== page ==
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One roll with... Konica MG/D

Posted on 12 December, 2023 / 7 min read

Run. Point. Shoot. Live. Then complain about Portra 400 prices. That's how an average film point and shooter thinks his life looks like, and probably it's not that far off - they usually have more of a social life than me.

The PnS mindset

In general, in the PnS world, for anyone who's a bit more into it, there's a distinction between: jewellery, primes and zooms. The jewellery are the Contaxes, Mju-Twos, Yashica Ts and Liecas; their qualities don't really matter. Primes are generally regarded as 'sharp' and can get pricy, but not as much as the jewellery; unless it's a fixed focus one, then it's garbage. Zooms are usually regarded as trash, though, with dark apertures and being quite clunky. A long range zoom covering FF that's this small? It can't be good.

Usually they're bought for people who go on parties and generally have fun, so image quality isn't a priority; the ease of use and quick operation is. So I can already feel it's not for me - and I had a Mju-1 which to me, besides its size, had no redeeming qualities.

Quick Focus on the Negative for Mju-1: It was slow to focus (it would move the lens slowly after pressing the shutter), had a tiny viewfinder and image quality was nothing to write home about.

But that's a famous one. Many companies made point n shoot cameras that often went unnoticed, especially in the 80s.

So, about the MG/D?

While looking for a Hexar RF, I found a very cheap Konica MG/D. Two of them, even; one with the box included, in unknown states, although they looked quite clean. To recuperate some of the shipping costs, I bought them both to resell, or maybe keep one if I like it?


Konica MG/D is a date back version of Konica MG, released in 1984. Besides the date back, they're identical. Probably manufactured up until at least 1987 or so, given that one reminded the user to change the date back battery in 1991 - and the manual mentions to replace it after 4 years. The box of the one I got had a sticker, mentioning the price: 24900 JPY. In 1986, 200JPY = 1USD, giving ~125USD. Equivalent to ~350USD in 2023. Not cheap, but not terrible.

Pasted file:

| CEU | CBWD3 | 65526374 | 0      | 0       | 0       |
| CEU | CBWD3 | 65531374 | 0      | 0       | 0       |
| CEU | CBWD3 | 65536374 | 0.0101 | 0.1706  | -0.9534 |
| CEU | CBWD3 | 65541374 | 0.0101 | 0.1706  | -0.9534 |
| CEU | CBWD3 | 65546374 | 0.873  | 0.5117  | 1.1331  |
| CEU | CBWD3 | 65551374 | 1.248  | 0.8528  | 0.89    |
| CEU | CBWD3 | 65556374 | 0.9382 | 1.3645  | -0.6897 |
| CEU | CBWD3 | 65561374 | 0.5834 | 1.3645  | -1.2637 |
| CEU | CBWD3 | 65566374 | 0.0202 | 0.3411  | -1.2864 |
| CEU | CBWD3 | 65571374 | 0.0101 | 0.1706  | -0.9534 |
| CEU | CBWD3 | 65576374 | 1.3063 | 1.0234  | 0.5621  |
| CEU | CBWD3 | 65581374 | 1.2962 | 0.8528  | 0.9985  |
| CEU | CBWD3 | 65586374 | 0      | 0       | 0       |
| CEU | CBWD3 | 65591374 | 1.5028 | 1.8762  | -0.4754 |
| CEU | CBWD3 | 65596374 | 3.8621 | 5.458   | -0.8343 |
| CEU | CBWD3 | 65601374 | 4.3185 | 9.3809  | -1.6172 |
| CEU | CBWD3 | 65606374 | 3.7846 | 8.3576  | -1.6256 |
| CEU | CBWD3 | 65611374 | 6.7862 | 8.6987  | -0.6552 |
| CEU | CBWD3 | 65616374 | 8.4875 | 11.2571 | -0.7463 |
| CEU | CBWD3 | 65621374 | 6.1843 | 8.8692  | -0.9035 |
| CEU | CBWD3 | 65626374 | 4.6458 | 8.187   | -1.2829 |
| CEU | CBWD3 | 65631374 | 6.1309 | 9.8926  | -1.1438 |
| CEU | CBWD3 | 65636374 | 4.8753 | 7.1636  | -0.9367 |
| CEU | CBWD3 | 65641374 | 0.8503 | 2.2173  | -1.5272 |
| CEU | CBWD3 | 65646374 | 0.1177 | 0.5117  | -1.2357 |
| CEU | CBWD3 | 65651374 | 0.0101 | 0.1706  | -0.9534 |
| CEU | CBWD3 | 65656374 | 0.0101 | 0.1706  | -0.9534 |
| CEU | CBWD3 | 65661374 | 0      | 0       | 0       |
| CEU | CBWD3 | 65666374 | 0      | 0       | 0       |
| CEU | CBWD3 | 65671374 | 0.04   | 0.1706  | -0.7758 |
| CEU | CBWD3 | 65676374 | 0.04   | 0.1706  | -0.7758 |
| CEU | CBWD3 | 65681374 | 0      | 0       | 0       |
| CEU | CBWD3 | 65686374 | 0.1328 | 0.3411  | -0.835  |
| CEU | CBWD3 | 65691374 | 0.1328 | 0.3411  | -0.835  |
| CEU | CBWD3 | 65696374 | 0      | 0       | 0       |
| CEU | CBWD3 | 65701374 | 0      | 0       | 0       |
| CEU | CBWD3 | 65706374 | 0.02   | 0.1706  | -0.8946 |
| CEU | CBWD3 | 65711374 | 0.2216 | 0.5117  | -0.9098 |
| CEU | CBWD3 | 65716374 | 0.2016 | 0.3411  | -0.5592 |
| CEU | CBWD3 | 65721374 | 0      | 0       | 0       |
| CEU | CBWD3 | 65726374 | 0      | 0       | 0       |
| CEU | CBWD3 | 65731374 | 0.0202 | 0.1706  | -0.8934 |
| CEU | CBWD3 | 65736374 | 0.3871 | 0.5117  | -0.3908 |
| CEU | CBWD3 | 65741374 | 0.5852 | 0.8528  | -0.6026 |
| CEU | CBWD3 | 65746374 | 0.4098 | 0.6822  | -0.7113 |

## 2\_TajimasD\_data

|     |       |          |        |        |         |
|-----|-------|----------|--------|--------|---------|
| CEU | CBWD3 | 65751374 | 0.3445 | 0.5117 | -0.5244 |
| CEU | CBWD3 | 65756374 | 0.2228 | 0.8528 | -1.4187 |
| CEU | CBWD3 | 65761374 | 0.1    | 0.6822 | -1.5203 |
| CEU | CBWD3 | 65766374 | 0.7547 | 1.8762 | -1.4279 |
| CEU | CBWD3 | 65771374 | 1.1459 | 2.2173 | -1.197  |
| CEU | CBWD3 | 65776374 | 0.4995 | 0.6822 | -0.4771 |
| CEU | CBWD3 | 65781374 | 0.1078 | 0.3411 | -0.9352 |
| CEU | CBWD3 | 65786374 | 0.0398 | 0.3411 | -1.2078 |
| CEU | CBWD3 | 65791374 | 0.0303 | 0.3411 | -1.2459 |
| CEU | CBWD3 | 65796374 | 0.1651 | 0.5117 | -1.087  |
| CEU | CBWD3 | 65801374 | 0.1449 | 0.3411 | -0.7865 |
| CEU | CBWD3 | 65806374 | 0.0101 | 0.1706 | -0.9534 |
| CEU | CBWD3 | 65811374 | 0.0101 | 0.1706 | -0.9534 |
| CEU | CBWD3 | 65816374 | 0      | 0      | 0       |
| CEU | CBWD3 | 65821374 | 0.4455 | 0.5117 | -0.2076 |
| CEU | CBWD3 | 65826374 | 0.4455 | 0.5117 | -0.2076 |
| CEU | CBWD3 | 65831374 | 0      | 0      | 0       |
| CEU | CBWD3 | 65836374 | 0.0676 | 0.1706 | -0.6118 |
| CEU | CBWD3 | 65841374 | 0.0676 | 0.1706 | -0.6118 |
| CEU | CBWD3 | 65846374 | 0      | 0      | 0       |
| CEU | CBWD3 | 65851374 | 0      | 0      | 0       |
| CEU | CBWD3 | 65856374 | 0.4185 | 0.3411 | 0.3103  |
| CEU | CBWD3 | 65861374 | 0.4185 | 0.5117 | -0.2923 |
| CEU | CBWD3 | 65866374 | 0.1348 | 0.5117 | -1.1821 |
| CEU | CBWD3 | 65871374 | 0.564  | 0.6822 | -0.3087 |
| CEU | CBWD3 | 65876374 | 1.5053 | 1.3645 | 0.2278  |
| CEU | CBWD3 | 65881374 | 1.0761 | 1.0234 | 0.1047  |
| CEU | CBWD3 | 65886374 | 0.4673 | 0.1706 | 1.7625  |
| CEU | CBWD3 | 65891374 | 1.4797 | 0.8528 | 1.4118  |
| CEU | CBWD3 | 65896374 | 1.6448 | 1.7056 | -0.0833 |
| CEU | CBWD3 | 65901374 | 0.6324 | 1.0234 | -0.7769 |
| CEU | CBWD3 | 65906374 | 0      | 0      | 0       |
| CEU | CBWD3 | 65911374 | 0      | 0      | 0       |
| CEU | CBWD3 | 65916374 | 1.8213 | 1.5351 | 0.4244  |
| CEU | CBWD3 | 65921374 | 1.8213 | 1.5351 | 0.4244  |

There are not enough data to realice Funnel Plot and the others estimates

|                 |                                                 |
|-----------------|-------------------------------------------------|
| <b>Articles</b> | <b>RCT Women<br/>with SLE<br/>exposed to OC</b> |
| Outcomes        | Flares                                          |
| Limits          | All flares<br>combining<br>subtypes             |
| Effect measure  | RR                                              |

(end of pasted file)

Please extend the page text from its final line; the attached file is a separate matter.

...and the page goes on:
Disclaimer: since I bought two, and I tested/repaired them, I took more than one roll with the Konica MG/D. Just to be honest.

Box with price

Box contents


Thankfully I have the instruction manual, albeit in Japanese, and as such all the specs come from it. The manual in English can be also found online.

  • Film type: 135
  • Frame size: 24x36mm (fool frame)
  • Shutter: Leaf
  • Shutter speeds: 1/30-1/500
  • Aperture: 3.5-16
  • Focal length: 35mm
  • Lens design: 4 elements in 4 groups
  • Focusing: Infrared autofocus, 1.1m-inf, can be locked with half-press
  • Viewfinder: 0.43x magnification, 80% or more field of view (?) Simple with framelines, also for paralax correction
  • Metering: CdS, auto metering, from EV9 to EV17 (ISO 100), will give underexposure warning if below EV9
  • ISO range: 50, 100, 200, 400, 1000
  • Flash: Built-in, operating range 1.1m-4.5m, equvialent to GN12 (ISO100, meters)
  • Batteries: 2x AA 1.5V (will work with NiCd 1.2V too)

Other, notes:

  • Self-timer, 10s
  • Auto-loading, and when door is closed, it will advance first 3 frames automatically
  • Manually enabled rewind, although with a motor
  • Film will be advanced after depressing the shutter button.
  • Date back goes to from 1980 to 2019, classic.
  • Warranty: worldwide, 1 year. Service points listed in the warranty card.


Of course, not confirmed working cameras didn't work perfectly. On one, the door latch was broken, but thankfully the plastic piece still in the package. On the other, the battery contacts on the battery door were corroded. On both, the date back appeared not to work, but a fresh CR2032 battery brought them back to the world of living again.

The battery contacts fix was easy - sanded the rust down with a dremel, and put some solder on top to make sure it does not rust anytime soon again. Thankfully it was at the part connecting the two batteries in serial together, not at the other end with springs. A better fix probably would've been getting some copper tape and either gluing or soldering it to the battery door.